Black Angels Over Tuskegee

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Photo Source: Alexandra Marlin

At its best, "Black Angels Over Tuskegee," the award-winning play about the famed Tuskegee Airmen, grooves like a tight jazz band, filling St. Luke's Theatre with snappy riffs of dialogue, bluesy monologues, and a couple of spontaneous song-and-dance routines. Based on true stories, it presents the saga of six African-American men whose lives entwine as they seek to overcome a mountain of racism and become pilots in World War II. Though the Army—and by extension white America—seems determined to stop them, they persevere for two reasons: the awareness that their struggle is important for their people and the simple human desire to fly.

The play begins with a narrator informing the audience that he's going to tell us a story "just like it was told to me." We then travel back to Utah in 1943 and meet six men from different parts of country who have come to a Utah army facility to take an exam designed to judge their suitability as pilots. Five of them—Theodore Franks, Percival Nash, Elijah Sams, and brothers Abraham and Quentin Dorsey—quickly become friends. The sixth man, Jeremiah Jones, holds himself apart, for reasons we learn later. We follow these men from Utah to Tuskegee, Alabama, where they receive their flight training, and from there to North Africa and Italy, where they see action and serve their country with skill and valor. The play ends with the narrator revealing what happened to the six and who he is.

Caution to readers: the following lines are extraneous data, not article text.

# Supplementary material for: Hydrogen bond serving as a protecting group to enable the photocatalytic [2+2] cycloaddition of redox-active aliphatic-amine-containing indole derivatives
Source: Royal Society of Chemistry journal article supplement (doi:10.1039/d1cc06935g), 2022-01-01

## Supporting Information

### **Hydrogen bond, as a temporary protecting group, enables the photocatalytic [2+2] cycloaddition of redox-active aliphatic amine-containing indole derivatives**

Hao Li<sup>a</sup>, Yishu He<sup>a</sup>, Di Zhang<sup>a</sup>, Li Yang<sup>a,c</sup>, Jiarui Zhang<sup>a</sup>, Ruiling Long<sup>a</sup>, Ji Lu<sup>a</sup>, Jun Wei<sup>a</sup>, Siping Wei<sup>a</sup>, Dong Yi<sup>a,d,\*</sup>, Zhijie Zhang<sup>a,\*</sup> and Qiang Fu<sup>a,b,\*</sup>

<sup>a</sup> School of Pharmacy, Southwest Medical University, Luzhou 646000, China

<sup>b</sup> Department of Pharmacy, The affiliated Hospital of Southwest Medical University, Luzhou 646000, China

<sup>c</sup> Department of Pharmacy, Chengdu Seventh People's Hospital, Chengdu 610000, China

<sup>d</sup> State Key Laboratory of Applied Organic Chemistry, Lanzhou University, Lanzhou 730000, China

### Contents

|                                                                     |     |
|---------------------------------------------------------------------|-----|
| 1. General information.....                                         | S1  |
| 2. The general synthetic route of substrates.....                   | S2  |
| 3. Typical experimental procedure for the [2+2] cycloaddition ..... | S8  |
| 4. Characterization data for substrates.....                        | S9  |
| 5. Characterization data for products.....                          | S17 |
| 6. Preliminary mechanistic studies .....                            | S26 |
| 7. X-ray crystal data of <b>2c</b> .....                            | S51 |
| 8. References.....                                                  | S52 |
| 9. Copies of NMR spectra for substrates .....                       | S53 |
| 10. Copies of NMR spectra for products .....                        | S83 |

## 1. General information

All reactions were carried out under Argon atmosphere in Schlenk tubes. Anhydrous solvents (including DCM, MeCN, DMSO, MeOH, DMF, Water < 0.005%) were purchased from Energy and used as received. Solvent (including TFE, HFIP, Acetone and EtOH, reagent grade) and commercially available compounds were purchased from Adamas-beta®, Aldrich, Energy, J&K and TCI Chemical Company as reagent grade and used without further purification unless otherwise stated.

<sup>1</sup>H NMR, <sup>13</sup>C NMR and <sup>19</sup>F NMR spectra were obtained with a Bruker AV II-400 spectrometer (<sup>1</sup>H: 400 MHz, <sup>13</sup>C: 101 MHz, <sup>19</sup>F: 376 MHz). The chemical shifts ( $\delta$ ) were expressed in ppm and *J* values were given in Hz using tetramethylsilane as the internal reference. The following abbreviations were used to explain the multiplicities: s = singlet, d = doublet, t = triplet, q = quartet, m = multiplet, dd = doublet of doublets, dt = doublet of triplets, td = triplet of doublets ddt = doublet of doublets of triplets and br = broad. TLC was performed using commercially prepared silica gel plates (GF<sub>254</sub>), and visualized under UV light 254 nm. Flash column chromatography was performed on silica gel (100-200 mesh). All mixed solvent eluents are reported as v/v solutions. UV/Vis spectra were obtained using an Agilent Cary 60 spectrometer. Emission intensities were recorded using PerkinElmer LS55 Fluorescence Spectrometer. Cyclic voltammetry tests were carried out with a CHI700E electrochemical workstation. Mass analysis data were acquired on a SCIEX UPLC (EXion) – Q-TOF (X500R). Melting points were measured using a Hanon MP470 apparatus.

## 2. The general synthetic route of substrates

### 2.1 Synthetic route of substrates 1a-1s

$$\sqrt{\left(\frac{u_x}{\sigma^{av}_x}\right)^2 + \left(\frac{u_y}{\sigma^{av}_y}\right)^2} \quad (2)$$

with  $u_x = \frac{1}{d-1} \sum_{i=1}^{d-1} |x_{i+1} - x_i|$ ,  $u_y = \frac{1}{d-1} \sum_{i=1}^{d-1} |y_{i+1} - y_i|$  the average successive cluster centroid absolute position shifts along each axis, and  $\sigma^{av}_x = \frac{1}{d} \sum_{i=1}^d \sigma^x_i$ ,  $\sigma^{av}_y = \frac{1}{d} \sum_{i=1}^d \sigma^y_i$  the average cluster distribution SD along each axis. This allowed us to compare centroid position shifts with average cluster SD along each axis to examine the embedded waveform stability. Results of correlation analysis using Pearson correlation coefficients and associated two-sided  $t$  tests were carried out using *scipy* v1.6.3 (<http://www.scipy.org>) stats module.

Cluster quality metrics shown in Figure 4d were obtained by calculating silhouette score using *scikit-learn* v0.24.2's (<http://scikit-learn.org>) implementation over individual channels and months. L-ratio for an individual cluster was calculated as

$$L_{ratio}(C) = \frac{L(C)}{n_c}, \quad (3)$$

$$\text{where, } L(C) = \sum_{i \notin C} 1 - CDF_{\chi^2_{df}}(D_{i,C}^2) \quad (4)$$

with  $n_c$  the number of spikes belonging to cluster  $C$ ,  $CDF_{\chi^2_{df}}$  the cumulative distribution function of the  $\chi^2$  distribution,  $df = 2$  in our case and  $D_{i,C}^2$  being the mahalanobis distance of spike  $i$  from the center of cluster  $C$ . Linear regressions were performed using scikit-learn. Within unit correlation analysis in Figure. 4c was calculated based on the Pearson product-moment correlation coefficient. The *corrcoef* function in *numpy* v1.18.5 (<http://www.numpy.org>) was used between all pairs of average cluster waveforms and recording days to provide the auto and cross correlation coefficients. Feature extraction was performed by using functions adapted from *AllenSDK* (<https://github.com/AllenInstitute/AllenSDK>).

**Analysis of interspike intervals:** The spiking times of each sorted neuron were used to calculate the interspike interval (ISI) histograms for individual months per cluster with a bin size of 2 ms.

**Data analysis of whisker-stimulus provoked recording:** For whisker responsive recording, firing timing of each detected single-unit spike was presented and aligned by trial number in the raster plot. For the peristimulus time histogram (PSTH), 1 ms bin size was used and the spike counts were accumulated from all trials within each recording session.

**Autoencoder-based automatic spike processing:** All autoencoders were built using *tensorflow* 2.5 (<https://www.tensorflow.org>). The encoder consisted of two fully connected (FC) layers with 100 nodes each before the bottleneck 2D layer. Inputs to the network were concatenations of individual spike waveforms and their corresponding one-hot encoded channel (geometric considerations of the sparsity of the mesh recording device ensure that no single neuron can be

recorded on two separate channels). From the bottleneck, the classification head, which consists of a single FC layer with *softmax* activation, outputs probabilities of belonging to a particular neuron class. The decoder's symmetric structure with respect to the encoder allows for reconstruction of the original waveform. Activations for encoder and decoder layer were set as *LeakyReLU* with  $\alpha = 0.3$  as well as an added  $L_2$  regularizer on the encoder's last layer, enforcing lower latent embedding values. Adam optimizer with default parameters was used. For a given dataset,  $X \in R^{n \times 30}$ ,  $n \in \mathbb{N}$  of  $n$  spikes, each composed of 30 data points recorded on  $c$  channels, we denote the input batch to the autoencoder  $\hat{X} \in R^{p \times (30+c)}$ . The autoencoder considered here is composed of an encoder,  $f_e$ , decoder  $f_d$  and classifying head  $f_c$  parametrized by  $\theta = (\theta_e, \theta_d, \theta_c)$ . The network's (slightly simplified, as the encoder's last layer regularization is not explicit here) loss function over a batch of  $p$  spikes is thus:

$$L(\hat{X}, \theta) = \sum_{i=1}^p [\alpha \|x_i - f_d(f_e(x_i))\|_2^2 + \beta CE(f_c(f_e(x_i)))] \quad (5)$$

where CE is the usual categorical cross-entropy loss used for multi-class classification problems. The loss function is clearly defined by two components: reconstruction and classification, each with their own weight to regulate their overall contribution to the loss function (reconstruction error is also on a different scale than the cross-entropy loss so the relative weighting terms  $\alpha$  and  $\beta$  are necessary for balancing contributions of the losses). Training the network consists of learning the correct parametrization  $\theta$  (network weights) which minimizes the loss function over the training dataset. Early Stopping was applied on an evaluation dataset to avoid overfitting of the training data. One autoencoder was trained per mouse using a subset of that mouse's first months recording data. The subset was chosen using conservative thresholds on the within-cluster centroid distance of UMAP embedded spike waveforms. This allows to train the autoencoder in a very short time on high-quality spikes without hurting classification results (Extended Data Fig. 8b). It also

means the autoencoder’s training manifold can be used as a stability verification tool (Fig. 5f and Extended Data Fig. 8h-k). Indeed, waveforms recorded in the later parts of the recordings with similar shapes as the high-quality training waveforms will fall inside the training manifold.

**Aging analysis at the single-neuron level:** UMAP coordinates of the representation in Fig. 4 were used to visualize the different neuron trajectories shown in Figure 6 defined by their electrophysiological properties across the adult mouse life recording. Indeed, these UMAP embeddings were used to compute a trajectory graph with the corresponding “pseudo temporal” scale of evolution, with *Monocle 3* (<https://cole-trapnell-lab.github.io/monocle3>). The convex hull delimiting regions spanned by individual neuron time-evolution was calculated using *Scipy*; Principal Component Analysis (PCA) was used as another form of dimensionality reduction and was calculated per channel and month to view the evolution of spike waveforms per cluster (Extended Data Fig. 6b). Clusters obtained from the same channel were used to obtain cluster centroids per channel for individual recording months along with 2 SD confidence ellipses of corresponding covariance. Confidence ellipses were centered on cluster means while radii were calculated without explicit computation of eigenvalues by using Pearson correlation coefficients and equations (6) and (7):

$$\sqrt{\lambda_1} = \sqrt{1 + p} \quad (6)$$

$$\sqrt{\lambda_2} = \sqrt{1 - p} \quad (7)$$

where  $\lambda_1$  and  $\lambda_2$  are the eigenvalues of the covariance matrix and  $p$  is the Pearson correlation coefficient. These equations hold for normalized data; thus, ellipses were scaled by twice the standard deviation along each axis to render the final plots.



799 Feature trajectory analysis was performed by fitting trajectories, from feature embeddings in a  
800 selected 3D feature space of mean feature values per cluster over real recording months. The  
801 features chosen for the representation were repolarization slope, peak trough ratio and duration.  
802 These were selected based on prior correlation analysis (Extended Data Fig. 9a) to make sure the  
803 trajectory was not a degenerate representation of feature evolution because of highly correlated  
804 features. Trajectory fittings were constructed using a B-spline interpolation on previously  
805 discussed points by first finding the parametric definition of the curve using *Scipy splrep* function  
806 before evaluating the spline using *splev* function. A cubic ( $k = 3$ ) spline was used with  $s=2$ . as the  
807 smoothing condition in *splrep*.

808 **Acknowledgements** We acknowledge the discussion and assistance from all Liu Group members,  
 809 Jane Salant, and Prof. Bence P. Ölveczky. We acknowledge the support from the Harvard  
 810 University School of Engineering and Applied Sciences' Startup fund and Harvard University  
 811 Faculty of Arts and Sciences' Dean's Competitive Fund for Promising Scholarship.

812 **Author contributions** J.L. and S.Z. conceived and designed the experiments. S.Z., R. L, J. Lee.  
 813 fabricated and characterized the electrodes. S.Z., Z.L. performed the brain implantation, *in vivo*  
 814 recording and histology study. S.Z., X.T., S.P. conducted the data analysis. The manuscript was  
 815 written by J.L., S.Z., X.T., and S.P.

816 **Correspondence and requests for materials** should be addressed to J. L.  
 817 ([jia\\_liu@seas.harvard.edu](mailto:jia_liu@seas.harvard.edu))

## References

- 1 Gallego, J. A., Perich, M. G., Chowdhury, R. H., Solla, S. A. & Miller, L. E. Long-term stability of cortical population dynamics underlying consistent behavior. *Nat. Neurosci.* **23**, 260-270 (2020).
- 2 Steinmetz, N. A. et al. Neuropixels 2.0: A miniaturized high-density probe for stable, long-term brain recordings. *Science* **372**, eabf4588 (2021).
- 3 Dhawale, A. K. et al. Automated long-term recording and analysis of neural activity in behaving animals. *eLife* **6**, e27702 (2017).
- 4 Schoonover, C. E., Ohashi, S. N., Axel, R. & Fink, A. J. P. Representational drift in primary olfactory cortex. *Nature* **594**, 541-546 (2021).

Despite its many virtues, "Black Angels Over Tuskegee" isn't textbook playwriting. It's uneven, in that the narrative needlessly grinds to a stop from time to time so that the characters can cut up, thus making the play seem long. There's also a lot of anachronistic speech; surely no one in 1943 advised a friend to think "outside the box."

But excellent ensemble acting keeps "Black Angels Over Tuskegee" soaring. As the airmen, David Wendell Boykins, Demetrius Gross, Thom Scott II, Derek Shaun, Jay Jones (standing in for Lamman Rucker), and playwright Gray form a tightly knit, irresistible sextet. Antonio D. Charity as Man, the narrator, and Rich Skidmore as Major Roberts, the only white character in the play, are solid in less flashy but equally important roles.

Also the show's director, Gray keeps the action flowing, and his air battles are both poetic and exciting. Jason McGee's first-scene costumes provide welcome touches of color and characterization.

Some plays teach, others celebrate, and a few simply entertain. "Black Angels Over Tuskegee" manages to do all three and one thing more: It inspires.


Presented by the Black Gents, Edmund Gaynes, the Layon Gray Experience at St. Luke's Theater, 308 W. 46th St., NYC. Opened Feb. 15 for an open run. Mon., Fri. and Sat., 8 p.m.; Sun., 5 p.m. (212) 239-6200, (800) 432-7250, or www.telecharge.com.